Author: Clément Bultheel is studying international relations at ILERI in Paris. At the COP19 in Warsaw, he integrated the French climate delegation as a Young Delegate. He joined recently the CliMates’ negotiation tracking team, and had the opportunity to join the French climate delegation as an intern for the summer of 2014, in particular with a view to preparing the COP21.
CliMates’ breakdown and perspective on the Green Climate Fund countries’ pledges funds
While climate talks in Lima almost took the negotiation process at the edge of chaos, ending on a minimum consensus, the Green Climate Fund (GCF) exceeded the 10 billion USD pledges funds, to stand now at $10.2 USD. Indeed, the $10 billion target set during the September 2014’s Climate Summit in New York had been surpassed in December 2014, during the COP20 in Lima. Yet, 28 countries have already contributed to the international fund.
In order to clarify which countries made the biggest pledges funds in consideration with national data and issues, we have compared the funds pledged to the Green Climate Fund with the respective GDP and the current greenhouse gas (GHG) emissions both for the year 2011. In this article, we will not make the difference between additional finance or not, loan or donation, as we lack of analysis capability and because countries’ pledges funds are not transparent enough on these details.
The United States provided for the biggest amount of funds with a 3 billion USD pledge. The Obama’s administration said they would contribute to 30 % of the GCF’s initial capitalization in the coming years. This commitment has been complied at this point, but will it still be the case when the GCF will be more funded than today? Nothing is less certain. Meanwhile, and as most of the developed countries, the US brings positive signals for the climate talks on the road to COP21, while China and many developing countries still do not seem to want to pledge any fund for the GCF.
During a meeting with Ms. Hela Cheikhrouhou in Lima, the executive director of the GCF, UN Secretary-General Ban Ki-moon, emphasized the importance of the fund in building trust and confidence between developed and developing countries. That is precisely the purpose of this first wave of pledges: by funding the GCF, developed countries intend to show their good will and their desire to cooperate with developing countries in a global action against climate change.
But if it is clear that funding pledges came almost exclusively from developed countries, efforts are proportionally not the same among these countries. Thus, only eight developed countries have announced their intention to allocate contribution to the GCF for a total funding amount representing more than 0.02% of their GDP. And the US is not one of these countries.
The Scandinavians countries (Sweden, Norway & Finland) are as usual on the top of the list. With 580 million USD pledged to the GCF, Sweden is actually the country which made the highest effort compared to its current GDP – more than 0.1% of its 2011 GDP. At the same time, by pledging to the GCF, Sweden is, regarding to its GHG emissions, putting an equivalent price on carbon of more than $15/ton carbon dioxide equivalent (CO2e). In a comparable situation, Norway’s pledge of $280 million represents a 9.8$/ton CO2e and 0.05% of its GDP. Still regarding to their GHG emissions, France, UK and Switzerland are at 2$/ton CO2e, four others countries are approximately to 1$/ton CO2e, and all the others countries’ pledges funds represent less than 1$ per ton of carbon.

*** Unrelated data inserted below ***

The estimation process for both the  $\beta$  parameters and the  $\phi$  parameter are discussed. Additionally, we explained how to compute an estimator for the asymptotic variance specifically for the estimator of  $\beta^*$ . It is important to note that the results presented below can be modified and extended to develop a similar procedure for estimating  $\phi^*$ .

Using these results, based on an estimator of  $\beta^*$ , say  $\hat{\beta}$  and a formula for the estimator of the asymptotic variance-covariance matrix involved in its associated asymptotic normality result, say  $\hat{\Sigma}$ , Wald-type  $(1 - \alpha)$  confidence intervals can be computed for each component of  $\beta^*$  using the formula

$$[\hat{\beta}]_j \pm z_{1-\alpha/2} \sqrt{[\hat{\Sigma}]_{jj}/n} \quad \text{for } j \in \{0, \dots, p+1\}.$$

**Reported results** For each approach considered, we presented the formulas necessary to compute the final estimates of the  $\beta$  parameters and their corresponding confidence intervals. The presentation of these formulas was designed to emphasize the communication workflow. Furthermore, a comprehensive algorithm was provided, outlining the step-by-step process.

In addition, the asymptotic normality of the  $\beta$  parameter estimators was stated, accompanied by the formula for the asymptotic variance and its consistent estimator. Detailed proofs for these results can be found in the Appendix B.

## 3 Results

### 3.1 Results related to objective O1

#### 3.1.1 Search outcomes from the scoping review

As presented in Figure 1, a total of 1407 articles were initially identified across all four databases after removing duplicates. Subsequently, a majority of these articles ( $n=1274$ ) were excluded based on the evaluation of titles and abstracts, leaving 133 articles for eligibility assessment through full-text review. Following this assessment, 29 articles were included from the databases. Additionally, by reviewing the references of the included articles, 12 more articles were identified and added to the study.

|Percentage of GDP pledged to GCF – Source: CliMates||Dollar pledged to GCF per ton of CO2e emitted in 2011 (dollar/ton-CO2eq) – Source: CliMates|
These indicators can be a better way to account for each country responsibility regarding to climate finance. From this point of view, we can say that pledges funds of Australia (165M USD), Spain (150M USD), South Korea (100M USD), or Austria (25M USD) are not sufficient. Worst, Czech Republic only pledged 5.5M USD (0.0025% of its GDP and an equivalent 0.04$/t CO2e). Obviously, national circumstances must take into account wide criteria than those two, but as an EU country, this Czech pledges funds seems particularly low. Same for New Zealand, a developed and green country, which only pledged 3 million USD (0.0018% of its GDP, a 0.05$/ton CO2eq pledge).
Beyond the developed countries’ participation, which have almost all already pledged to fund the GCF, it is important to emphasize pledges funds made by developing countries. Mexico (10M USD), Peru and Colombia (6M USD each) made the biggest pledges funds among the developing countries. We are all aware in this story that as historical responsibility remains to developed countries, the biggest efforts have to be done by themselves. But as current responsibility is also up to a few developing countries, funding is also a duty for the emerging countries.
All biggest GHG emitters should provide funds for the GCF, especially China, but, for the moment, efforts from developing countries remain different from those made by developed countries. Therefore, it is very important that some developing countries contribute to the GCF, if only to give positive signals. In the meantime, pending new funds, it might be preferable if everyone’s efforts could be highlighted, as all pledges funds contribute to the construction of a global movement.